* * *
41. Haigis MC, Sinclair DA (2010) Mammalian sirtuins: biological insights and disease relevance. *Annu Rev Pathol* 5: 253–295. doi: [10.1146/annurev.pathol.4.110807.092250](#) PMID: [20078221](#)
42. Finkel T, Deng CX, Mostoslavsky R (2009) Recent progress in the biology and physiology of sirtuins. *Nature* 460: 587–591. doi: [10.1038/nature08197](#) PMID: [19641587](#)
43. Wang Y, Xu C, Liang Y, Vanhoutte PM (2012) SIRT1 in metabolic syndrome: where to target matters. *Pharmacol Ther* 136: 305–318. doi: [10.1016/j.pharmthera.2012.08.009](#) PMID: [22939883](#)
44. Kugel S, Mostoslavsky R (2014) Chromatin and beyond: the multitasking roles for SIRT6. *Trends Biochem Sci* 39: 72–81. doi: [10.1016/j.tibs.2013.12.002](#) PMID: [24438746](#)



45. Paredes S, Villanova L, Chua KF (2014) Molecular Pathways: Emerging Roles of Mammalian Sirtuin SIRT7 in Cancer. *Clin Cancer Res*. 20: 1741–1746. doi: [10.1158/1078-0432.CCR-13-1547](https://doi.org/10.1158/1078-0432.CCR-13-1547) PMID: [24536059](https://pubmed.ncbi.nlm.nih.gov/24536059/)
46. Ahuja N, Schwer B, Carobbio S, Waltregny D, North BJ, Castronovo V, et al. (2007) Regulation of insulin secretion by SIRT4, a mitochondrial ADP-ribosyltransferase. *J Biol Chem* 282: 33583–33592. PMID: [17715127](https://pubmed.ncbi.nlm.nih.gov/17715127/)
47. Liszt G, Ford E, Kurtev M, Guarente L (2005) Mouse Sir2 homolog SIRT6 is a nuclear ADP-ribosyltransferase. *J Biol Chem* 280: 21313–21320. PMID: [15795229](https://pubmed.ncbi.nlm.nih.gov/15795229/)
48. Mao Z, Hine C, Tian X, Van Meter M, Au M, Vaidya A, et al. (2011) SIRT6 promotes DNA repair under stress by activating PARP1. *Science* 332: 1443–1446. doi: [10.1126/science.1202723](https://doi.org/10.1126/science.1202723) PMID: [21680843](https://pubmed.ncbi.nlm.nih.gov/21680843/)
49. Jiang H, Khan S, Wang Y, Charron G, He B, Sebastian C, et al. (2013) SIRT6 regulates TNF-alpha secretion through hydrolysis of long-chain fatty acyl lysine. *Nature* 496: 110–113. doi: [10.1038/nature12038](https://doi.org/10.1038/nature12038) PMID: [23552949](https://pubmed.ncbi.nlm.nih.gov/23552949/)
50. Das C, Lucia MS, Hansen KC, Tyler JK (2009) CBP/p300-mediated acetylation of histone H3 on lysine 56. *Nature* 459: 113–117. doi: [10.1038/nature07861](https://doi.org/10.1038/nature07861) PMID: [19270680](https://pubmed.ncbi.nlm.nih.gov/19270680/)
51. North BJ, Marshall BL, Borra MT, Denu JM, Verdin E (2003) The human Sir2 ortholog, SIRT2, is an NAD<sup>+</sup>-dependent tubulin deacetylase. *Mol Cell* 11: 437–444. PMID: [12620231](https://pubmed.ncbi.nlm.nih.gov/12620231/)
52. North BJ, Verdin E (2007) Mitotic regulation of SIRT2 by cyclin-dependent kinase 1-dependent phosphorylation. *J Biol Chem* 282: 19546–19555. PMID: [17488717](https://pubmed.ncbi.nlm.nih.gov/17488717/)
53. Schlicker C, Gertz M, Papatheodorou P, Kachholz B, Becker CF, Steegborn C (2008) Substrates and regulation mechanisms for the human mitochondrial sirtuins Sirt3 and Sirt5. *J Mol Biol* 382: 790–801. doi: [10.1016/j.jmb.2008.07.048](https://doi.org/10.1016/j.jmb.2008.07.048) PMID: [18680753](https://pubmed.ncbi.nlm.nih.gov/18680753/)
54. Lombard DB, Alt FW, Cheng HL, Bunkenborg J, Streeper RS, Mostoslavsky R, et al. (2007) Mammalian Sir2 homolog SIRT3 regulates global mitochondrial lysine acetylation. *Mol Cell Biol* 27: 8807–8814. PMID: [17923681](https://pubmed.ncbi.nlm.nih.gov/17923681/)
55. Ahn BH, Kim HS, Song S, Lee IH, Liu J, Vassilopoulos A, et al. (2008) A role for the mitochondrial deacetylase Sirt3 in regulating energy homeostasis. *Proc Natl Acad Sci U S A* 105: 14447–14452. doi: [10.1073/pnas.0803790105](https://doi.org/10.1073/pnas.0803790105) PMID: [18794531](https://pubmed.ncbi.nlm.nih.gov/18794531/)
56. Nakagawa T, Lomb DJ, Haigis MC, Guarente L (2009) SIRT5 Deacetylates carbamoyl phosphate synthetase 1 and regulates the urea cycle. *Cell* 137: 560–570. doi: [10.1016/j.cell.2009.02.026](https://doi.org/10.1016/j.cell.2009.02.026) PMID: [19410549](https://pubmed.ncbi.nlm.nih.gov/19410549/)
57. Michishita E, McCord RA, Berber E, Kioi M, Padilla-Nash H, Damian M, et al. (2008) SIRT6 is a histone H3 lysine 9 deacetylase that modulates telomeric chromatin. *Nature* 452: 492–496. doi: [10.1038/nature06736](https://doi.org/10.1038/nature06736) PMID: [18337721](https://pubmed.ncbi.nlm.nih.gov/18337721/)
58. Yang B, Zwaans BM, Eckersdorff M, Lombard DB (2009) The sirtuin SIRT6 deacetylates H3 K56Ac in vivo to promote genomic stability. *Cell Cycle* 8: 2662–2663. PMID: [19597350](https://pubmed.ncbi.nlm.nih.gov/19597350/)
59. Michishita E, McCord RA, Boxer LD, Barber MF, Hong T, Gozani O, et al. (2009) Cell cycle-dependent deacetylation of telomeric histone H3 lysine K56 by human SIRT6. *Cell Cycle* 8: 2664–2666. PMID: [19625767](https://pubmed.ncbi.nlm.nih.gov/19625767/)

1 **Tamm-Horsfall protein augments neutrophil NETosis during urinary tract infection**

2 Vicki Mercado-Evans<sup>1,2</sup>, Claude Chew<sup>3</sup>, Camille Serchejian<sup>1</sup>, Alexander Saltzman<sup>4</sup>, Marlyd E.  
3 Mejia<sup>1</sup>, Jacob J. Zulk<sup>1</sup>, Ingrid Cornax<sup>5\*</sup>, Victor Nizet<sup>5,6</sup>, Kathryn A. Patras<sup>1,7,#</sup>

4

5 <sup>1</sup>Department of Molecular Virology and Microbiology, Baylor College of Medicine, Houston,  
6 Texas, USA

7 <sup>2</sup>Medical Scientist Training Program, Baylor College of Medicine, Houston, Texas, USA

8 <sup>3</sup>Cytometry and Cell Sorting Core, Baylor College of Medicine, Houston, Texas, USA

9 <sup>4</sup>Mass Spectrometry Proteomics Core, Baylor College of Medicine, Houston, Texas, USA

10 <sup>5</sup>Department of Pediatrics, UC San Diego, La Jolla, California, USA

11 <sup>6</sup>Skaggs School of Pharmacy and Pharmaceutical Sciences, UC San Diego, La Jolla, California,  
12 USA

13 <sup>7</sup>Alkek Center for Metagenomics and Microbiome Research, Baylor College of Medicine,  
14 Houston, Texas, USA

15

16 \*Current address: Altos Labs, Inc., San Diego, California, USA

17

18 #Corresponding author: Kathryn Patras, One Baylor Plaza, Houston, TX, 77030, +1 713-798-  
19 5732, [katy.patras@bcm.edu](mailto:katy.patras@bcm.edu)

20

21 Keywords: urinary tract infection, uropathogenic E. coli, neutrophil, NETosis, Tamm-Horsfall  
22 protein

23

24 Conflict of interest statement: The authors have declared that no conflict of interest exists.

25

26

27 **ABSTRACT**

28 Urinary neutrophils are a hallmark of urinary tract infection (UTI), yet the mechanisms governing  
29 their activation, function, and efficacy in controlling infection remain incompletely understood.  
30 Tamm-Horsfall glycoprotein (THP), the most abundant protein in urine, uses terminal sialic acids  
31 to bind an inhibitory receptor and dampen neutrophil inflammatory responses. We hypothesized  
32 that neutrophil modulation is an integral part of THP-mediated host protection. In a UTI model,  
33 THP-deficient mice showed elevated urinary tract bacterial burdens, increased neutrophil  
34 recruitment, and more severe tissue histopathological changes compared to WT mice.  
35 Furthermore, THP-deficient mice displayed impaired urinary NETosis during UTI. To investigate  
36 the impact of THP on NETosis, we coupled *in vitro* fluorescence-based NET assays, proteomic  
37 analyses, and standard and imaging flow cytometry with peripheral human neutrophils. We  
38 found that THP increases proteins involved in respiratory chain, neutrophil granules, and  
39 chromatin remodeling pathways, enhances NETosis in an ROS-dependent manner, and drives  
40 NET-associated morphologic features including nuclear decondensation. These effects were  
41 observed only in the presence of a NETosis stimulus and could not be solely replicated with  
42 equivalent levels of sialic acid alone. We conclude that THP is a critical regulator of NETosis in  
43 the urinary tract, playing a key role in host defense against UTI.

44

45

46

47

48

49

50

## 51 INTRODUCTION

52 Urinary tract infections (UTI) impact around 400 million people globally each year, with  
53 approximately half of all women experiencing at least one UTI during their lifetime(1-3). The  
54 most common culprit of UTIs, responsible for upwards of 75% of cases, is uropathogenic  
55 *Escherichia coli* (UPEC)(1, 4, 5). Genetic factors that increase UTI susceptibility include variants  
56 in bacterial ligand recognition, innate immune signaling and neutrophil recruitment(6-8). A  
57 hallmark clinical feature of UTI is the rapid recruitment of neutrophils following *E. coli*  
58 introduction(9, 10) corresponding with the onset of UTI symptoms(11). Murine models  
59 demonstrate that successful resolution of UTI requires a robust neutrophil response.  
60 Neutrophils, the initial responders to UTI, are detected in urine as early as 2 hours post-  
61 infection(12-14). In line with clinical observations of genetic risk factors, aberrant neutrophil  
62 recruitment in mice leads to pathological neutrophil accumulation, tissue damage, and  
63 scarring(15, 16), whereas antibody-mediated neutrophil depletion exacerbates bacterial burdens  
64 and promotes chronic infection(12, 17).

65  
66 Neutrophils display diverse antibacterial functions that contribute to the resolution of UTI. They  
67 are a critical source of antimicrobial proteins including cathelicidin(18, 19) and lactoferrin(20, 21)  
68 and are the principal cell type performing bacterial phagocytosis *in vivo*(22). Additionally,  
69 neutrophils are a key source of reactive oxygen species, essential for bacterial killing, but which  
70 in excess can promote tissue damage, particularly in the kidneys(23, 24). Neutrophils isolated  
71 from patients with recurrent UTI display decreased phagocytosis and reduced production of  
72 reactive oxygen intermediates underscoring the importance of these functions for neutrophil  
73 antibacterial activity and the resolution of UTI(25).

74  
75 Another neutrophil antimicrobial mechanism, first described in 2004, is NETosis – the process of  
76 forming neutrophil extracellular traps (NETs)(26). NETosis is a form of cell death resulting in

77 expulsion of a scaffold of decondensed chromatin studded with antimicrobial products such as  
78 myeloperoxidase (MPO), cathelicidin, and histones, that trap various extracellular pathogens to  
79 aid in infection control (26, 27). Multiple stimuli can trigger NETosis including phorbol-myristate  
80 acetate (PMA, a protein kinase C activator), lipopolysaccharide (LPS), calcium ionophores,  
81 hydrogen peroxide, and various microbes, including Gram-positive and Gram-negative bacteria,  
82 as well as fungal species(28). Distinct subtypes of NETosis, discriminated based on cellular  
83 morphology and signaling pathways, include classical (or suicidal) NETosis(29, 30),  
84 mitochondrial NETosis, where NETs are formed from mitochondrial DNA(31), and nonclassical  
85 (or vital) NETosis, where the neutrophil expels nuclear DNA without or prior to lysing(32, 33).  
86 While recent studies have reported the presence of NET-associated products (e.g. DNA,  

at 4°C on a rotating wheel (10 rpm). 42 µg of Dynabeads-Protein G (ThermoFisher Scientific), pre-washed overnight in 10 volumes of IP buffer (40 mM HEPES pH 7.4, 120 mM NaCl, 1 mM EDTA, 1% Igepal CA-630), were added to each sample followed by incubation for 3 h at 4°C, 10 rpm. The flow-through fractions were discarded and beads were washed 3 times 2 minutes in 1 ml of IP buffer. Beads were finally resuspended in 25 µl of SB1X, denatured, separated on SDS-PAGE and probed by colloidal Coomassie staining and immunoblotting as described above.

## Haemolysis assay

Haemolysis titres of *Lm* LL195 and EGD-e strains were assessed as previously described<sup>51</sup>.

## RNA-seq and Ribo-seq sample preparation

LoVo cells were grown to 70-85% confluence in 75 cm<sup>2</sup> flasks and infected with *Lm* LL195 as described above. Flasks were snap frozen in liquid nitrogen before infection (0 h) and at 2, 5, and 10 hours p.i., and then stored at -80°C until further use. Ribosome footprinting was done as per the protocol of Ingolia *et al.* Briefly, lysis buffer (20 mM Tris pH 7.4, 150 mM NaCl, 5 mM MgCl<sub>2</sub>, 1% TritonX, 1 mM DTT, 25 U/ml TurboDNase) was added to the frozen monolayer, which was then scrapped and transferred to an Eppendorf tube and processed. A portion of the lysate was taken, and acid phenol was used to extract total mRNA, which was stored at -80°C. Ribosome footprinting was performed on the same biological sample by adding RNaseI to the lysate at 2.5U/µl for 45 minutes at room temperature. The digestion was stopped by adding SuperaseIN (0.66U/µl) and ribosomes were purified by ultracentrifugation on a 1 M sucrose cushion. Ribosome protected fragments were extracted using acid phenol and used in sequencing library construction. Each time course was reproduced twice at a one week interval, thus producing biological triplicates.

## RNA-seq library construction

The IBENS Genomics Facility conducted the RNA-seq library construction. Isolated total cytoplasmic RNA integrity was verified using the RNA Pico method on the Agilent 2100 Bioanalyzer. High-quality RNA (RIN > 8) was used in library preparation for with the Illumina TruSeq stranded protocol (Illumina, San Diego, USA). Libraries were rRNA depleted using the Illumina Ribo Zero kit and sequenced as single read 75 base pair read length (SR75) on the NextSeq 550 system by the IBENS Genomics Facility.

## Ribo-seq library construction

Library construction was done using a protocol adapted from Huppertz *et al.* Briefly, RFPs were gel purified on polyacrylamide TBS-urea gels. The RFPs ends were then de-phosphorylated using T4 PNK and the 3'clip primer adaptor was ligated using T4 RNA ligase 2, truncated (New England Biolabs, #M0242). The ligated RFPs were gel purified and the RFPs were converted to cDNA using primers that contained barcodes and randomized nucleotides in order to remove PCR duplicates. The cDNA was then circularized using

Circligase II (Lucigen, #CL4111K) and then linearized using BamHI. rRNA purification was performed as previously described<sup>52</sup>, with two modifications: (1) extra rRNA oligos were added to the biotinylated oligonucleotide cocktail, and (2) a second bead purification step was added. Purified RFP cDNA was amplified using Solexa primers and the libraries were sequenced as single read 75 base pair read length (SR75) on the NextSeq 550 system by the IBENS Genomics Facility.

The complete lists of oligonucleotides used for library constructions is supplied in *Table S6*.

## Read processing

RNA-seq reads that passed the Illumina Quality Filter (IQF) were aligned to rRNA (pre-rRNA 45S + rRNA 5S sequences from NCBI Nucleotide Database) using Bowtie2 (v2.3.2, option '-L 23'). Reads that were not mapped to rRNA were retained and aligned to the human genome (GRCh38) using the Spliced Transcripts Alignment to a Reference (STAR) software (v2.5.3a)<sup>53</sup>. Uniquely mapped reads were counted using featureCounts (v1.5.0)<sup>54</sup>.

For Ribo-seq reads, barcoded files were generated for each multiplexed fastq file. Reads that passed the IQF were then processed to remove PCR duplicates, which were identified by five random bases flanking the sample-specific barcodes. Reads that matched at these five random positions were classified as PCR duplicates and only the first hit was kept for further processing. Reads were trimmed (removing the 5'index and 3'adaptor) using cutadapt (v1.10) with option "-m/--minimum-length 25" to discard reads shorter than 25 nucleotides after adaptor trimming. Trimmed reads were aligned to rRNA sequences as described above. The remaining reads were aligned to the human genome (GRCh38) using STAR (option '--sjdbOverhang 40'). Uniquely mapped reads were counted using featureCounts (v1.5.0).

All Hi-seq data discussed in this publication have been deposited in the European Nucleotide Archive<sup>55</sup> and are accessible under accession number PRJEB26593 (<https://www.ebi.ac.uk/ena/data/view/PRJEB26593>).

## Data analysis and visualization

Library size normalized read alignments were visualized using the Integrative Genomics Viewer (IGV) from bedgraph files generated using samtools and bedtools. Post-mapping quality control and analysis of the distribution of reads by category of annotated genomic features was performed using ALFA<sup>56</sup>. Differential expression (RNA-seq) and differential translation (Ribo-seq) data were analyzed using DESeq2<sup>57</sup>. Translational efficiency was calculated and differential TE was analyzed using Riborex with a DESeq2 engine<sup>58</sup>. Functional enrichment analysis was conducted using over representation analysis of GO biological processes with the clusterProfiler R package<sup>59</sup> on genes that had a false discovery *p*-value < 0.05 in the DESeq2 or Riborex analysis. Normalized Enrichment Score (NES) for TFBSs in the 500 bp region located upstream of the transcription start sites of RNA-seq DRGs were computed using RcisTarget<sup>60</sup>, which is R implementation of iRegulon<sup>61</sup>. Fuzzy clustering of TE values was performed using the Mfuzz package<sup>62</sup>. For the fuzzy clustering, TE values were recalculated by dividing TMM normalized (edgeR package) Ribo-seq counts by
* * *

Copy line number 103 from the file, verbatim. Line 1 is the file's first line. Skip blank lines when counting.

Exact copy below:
84 mitochondrial NETosis, where NETs are formed from mitochondrial DNA(31), and nonclassical  